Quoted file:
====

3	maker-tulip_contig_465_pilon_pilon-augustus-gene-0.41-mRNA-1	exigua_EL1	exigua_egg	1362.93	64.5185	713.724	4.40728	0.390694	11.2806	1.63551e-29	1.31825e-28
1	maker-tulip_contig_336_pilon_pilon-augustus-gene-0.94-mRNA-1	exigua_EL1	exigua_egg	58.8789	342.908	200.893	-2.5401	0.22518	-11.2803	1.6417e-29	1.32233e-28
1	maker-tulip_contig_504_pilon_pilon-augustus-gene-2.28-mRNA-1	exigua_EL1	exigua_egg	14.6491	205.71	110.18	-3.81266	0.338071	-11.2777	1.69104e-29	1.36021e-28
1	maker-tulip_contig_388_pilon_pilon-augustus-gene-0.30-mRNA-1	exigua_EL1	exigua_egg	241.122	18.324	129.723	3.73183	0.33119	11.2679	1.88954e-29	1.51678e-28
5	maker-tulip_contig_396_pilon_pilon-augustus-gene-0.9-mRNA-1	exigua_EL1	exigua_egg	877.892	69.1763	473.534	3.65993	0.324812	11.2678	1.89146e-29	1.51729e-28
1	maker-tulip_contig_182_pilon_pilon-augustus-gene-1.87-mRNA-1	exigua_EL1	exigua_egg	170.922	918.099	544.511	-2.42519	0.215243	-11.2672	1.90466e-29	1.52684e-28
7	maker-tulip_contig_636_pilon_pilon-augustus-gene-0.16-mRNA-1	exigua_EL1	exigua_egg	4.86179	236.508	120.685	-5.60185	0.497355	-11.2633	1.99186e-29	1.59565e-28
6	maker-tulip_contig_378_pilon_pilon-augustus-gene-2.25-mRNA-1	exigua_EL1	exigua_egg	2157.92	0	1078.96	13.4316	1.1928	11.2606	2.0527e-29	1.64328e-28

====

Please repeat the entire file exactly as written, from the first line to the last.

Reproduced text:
3	maker-tulip_contig_465_pilon_pilon-augustus-gene-0.41-mRNA-1	exigua_EL1	exigua_egg	1362.93	64.5185	713.724	4.40728	0.390694	11.2806	1.63551e-29	1.31825e-28
1	maker-tulip_contig_336_pilon_pilon-augustus-gene-0.94-mRNA-1	exigua_EL1	exigua_egg	58.8789	342.908	200.893	-2.5401	0.22518	-11.2803	1.6417e-29	1.32233e-28
1	maker-tulip_contig_504_pilon_pilon-augustus-gene-2.28-mRNA-1	exigua_EL1	exigua_egg	14.6491	205.71	110.18	-3.81266	0.338071	-11.2777	1.69104e-29	1.36021e-28
1	maker-tulip_contig_388_pilon_pilon-augustus-gene-0.30-mRNA-1	exigua_EL1	exigua_egg	241.122	18.324	129.723	3.73183	0.33119	11.2679	1.88954e-29	1.51678e-28
5	maker-tulip_contig_396_pilon_pilon-augustus-gene-0.9-mRNA-1	exigua_EL1	exigua_egg	877.892	69.1763	473.534	3.65993	0.324812	11.2678	1.89146e-29	1.51729e-28
1	maker-tulip_contig_182_pilon_pilon-augustus-gene-1.87-mRNA-1	exigua_EL1	exigua_egg	170.922	918.099	544.511	-2.42519	0.215243	-11.2672	1.90466e-29	1.52684e-28
7	maker-tulip_contig_636_pilon_pilon-augustus-gene-0.16-mRNA-1	exigua_EL1	exigua_egg	4.86179	236.508	120.685	-5.60185	0.497355	-11.2633	1.99186e-29	1.59565e-28
6	maker-tulip_contig_378_pilon_pilon-augustus-gene-2.25-mRNA-1	exigua_EL1	exigua_egg	2157.92	0	1078.96	13.4316	1.1928	11.2606	2.0527e-29	1.64328e-28